SPYL livid over sodomy law reforms

Andrew Kathindi

The Swapo Party Youth League (SPYL) has hit out at plans by Government to undo a law that has made sodomy in the country illegal, calling the practice satanic.

“We would like to express our dissatisfactions on the prioritising of motions / bills in the National Assembly (Parliament). SPYL is sickened by the discussion of homosexual(sic) in the August house which supersedes as matters of urgency,” Ephraim Nekongo, SPYL Secretary said. Nekongo’s comments come as Justice Minister, Yvonne Dausab, on Monday 17 May received a submission from the Law Reform and Development Commission (LRDC), which included a report on the Abolishment of the Common Law Offences of Sodomy and Unnatural Sexual Offences.

Dausab this week told Windhoek Observer that she plans to submit the draft to Cabinet this week before going through the normal law-making procedures and then eventually to Parliament, possibly before the end of the year. “Hence, we discourage the August House on discussion issues of less value and turn the focus and attention to the bread-and-butter issues. Homosexuality is satanic yet demonic practices and must never be legalised in Namibia,” Nekongo stated.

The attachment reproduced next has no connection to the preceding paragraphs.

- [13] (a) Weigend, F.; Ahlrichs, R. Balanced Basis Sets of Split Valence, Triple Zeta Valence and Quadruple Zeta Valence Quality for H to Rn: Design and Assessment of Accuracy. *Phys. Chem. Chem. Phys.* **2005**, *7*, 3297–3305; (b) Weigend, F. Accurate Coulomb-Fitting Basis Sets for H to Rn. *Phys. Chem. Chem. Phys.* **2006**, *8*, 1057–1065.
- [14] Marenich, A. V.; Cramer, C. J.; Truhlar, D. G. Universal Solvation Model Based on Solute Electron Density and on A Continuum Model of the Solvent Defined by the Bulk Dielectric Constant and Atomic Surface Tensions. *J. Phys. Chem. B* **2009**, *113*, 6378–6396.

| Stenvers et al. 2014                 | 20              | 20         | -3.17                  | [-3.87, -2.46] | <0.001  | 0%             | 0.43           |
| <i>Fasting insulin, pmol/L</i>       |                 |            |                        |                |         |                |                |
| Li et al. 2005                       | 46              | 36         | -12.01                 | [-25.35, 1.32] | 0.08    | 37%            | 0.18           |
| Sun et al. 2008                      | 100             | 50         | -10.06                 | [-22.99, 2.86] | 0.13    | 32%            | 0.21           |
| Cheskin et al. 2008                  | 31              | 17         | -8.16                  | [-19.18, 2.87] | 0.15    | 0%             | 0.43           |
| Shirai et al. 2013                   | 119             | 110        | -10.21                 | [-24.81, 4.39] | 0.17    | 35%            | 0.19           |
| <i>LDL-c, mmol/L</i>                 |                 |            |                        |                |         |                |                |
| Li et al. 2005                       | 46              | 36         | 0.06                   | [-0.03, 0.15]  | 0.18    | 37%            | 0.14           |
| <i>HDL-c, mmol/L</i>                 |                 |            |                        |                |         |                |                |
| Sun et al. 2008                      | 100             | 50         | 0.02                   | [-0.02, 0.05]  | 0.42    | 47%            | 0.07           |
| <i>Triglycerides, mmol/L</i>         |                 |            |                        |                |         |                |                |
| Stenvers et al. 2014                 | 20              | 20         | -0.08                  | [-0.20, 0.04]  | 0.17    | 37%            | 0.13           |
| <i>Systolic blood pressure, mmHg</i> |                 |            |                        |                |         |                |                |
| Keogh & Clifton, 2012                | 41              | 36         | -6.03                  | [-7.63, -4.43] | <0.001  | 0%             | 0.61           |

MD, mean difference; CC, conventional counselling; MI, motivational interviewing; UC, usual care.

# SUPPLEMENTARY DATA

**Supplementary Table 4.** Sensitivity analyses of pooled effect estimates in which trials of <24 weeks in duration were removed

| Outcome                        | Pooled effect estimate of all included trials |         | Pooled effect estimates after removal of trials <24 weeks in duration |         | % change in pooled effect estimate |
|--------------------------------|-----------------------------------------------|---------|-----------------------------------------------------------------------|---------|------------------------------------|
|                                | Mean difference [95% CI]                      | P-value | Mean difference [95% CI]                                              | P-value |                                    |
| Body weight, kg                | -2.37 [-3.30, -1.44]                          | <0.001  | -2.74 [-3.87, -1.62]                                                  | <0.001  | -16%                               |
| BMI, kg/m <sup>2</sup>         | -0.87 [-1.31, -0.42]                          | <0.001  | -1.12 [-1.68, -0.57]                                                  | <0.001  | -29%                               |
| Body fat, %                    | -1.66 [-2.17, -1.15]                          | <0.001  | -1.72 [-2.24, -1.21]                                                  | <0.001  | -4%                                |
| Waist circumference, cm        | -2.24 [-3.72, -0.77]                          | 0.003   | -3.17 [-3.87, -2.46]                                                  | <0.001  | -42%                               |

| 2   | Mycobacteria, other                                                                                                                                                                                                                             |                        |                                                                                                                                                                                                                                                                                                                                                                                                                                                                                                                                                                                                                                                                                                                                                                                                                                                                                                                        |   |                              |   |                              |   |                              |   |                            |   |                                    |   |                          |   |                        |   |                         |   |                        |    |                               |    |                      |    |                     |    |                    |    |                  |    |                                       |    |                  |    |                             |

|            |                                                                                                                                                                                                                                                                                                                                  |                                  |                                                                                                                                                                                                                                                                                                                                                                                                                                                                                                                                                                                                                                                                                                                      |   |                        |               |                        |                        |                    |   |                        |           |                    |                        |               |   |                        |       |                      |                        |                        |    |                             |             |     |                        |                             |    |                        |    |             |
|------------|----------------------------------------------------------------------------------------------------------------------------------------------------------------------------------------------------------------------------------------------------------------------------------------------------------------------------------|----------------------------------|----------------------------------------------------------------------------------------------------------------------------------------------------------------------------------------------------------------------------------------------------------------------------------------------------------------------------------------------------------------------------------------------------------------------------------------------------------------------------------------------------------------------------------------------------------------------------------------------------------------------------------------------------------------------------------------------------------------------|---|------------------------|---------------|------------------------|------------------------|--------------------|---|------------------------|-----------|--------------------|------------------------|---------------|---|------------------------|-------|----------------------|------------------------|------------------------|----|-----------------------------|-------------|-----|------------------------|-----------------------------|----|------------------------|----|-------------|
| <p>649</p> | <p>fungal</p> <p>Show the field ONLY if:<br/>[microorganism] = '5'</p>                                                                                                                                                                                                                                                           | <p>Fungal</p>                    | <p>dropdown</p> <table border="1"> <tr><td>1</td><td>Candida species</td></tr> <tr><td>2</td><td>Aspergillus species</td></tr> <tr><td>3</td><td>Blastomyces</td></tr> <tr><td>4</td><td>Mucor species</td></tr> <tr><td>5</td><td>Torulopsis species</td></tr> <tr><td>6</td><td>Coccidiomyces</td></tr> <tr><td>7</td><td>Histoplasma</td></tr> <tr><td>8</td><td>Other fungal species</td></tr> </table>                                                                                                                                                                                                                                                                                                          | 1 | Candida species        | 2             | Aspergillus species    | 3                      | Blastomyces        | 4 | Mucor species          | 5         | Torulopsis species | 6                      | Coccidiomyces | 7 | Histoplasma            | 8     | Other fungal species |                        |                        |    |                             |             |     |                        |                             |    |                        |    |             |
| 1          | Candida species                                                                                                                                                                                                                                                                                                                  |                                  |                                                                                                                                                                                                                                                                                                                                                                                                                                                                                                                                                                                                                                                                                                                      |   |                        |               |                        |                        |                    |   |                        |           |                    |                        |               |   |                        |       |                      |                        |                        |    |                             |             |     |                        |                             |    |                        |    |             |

Nekongo’s comments come as the Namibian government has also been inundated with calls to remove laws deemed archaic, such as the one providing for the Veterinary Cordon Fence (VCF), also known as the Red Line, which prevents beef from northern Namibia passing south, and calls to overturn abortion laws which led hundreds to protest last year.

Sodomy is currently listed as an illegal act according to Namibian laws. Furthermore, according to the Criminal Procedure Act 25 of 2004, sodomy is listed as one of the offences a peace officer may without warrant arrest any person who commits it.

The report heading to Cabinet next week is part of two reports, which are the second phase to a project “which was started in 2018, through research and reviews on Namibian laws, identified all outdated/archaic laws, that need to be done away with, amended or repealed. This project identified 31 pieces of legislations which are deemed obsolete in the current Republic of Namibia.”

The SPYL condemnation of the proposed law change comes as over nine cases involving LGBTQ matters have been brought before the High Court since the start of the year according to media reports.

The High Court has scheduled 20 January 2022 as the date of delivery on a judgement pertaining to the country’s refusal to recognize same-sex marriages.

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